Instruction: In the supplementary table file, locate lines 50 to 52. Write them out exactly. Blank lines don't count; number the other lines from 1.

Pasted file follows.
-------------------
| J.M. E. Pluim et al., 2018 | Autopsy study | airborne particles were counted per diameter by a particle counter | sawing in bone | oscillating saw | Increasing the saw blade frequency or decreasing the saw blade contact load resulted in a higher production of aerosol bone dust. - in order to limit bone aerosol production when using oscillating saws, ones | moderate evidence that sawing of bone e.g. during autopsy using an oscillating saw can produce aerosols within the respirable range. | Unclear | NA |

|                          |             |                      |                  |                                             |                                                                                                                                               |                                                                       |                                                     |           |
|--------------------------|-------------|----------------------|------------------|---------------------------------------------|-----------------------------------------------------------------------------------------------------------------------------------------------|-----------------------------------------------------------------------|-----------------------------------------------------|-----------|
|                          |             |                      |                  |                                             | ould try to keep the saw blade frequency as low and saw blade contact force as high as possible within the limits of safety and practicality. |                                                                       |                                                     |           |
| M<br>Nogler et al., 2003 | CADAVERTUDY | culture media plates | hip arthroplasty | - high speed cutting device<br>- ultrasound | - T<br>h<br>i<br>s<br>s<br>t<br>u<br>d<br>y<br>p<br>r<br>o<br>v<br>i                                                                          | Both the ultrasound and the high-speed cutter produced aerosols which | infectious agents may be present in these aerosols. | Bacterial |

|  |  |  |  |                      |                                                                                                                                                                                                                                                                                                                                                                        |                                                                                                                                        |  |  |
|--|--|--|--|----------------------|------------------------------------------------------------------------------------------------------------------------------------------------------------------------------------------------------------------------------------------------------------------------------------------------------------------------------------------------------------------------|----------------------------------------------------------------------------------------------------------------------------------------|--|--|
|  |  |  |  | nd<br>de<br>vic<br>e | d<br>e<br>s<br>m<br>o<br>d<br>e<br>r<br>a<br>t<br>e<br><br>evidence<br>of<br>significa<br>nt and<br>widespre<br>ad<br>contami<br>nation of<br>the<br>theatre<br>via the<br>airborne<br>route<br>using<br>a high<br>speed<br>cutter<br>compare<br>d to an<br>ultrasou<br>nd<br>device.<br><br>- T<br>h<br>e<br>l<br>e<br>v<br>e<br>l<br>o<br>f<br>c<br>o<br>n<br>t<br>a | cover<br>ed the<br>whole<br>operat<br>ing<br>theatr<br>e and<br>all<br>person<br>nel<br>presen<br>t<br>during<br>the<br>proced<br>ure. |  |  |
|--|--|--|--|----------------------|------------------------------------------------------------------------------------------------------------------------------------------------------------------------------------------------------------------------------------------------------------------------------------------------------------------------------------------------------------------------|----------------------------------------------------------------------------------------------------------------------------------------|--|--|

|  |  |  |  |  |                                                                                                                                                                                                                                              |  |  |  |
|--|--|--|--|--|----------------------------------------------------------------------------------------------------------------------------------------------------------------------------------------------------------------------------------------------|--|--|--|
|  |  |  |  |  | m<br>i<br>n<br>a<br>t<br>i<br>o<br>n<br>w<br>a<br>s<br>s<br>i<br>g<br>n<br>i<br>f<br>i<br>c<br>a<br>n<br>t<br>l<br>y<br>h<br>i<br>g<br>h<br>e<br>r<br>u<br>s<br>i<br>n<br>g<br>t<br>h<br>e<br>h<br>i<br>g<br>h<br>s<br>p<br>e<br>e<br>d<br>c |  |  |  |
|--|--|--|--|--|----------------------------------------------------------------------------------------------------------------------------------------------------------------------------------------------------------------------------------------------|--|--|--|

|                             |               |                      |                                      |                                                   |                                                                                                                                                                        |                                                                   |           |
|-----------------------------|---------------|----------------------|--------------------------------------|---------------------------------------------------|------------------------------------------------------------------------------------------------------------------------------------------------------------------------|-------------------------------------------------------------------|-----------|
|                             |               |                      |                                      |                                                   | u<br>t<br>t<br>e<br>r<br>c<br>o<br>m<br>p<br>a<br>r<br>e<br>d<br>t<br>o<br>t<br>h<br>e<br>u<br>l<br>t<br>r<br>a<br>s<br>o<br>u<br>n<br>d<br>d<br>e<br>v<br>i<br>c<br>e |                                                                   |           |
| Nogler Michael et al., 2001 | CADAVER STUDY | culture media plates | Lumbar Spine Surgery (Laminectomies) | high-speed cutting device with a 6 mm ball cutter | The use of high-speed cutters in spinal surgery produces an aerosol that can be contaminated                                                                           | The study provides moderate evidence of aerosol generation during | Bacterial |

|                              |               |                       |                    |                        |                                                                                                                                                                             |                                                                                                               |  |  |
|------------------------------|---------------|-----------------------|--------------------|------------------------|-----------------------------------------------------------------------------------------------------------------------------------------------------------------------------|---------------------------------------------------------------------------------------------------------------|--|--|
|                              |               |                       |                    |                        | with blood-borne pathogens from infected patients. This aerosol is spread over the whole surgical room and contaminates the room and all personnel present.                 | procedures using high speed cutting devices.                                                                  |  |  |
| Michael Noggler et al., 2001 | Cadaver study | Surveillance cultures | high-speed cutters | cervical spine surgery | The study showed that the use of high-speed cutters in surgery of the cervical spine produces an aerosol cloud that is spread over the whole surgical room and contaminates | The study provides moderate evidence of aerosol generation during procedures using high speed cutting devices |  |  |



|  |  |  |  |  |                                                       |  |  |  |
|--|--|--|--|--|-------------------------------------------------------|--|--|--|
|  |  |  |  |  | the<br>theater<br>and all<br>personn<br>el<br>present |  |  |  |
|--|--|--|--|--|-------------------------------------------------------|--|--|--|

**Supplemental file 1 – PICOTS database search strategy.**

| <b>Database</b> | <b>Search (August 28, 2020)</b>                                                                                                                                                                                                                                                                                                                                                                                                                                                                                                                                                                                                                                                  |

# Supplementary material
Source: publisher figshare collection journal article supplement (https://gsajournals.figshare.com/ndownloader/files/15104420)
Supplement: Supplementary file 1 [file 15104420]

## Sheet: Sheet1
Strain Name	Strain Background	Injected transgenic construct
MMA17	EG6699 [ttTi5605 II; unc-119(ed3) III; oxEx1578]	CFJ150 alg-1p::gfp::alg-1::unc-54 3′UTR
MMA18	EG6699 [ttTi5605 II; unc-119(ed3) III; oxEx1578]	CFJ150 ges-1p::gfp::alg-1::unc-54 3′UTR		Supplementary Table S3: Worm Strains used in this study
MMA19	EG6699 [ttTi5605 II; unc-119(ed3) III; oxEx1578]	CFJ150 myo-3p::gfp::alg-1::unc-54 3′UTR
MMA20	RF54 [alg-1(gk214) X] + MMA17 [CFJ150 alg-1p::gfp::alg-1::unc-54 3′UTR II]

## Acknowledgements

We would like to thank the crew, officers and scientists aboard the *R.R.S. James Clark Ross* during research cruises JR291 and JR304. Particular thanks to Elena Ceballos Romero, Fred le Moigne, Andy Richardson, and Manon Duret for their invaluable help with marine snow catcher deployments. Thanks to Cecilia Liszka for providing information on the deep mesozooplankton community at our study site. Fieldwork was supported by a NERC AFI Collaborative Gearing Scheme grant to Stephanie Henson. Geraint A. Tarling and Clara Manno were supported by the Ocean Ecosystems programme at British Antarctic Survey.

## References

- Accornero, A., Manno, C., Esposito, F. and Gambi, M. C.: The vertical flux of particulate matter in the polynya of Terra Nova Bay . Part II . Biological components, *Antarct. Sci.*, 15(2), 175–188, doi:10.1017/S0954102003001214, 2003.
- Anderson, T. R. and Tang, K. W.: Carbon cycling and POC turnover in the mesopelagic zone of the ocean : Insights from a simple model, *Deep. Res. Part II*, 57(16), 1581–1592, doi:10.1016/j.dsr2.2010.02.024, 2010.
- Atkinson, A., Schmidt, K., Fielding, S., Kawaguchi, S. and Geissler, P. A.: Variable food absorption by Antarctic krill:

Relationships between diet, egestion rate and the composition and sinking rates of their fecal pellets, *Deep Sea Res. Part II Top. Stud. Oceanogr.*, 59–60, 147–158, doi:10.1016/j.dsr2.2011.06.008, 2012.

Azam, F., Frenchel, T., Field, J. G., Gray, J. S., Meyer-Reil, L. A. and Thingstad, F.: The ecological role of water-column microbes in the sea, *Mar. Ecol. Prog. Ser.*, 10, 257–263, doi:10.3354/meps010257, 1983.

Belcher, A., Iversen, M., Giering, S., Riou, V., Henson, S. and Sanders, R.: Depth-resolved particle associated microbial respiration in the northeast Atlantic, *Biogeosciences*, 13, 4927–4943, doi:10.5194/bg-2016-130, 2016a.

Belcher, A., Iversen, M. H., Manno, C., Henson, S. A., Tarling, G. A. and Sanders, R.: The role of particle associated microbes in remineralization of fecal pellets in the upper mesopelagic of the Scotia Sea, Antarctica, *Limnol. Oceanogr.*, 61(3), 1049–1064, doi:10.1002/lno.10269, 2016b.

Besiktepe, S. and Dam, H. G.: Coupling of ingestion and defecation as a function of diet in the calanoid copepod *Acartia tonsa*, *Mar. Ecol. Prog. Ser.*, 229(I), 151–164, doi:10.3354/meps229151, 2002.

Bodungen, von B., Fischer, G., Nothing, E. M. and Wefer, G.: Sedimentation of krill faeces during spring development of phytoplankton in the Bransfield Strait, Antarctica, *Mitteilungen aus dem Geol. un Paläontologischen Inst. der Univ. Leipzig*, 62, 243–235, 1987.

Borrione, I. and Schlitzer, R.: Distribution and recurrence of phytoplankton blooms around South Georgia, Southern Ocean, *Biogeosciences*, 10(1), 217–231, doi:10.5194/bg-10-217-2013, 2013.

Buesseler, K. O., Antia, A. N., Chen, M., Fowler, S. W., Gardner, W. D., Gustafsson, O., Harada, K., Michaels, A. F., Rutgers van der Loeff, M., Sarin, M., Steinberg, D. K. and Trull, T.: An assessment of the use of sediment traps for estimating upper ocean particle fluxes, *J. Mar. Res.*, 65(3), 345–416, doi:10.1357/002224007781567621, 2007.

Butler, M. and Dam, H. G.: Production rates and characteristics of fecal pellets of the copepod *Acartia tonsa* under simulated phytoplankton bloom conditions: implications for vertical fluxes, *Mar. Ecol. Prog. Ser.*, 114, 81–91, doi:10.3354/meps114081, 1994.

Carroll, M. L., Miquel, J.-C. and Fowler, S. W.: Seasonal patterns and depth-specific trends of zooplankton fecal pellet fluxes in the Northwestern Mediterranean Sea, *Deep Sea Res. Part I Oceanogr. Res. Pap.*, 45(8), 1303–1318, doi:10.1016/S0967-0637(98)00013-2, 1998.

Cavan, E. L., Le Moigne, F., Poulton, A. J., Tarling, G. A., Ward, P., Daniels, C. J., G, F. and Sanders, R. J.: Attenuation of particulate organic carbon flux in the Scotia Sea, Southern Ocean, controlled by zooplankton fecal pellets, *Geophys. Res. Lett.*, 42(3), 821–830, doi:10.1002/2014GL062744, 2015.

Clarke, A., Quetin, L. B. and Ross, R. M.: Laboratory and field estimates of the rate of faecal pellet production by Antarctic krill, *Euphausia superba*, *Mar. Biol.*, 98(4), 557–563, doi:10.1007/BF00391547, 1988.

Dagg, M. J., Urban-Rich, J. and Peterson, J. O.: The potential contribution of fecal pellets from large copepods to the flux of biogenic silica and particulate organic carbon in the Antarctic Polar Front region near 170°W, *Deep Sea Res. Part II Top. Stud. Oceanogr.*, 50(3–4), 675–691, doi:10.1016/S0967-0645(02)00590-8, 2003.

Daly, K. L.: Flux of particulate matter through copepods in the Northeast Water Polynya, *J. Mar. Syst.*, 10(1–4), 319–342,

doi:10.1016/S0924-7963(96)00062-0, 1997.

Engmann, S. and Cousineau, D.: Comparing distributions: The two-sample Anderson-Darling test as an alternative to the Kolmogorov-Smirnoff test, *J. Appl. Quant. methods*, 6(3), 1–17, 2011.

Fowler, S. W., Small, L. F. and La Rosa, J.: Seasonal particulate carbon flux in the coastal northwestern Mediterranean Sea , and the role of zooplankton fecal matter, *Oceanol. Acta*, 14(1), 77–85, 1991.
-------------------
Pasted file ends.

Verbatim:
Buesseler, K. O., Antia, A. N., Chen, M., Fowler, S. W., Gardner, W. D., Gustafsson, O., Harada, K., Michaels, A. F., Rutgers van der Loeff, M., Sarin, M., Steinberg, D. K. and Trull, T.: An assessment of the use of sediment traps for estimating upper ocean particle fluxes, *J. Mar. Res.*, 65(3), 345–416, doi:10.1357/002224007781567621, 2007.

Butler, M. and Dam, H. G.: Production rates and characteristics of fecal pellets of the copepod *Acartia tonsa* under simulated phytoplankton bloom conditions: implications for vertical fluxes, *Mar. Ecol. Prog. Ser.*, 114, 81–91, doi:10.3354/meps114081, 1994.

Carroll, M. L., Miquel, J.-C. and Fowler, S. W.: Seasonal patterns and depth-specific trends of zooplankton fecal pellet fluxes in the Northwestern Mediterranean Sea, *Deep Sea Res. Part I Oceanogr. Res. Pap.*, 45(8), 1303–1318, doi:10.1016/S0967-0637(98)00013-2, 1998.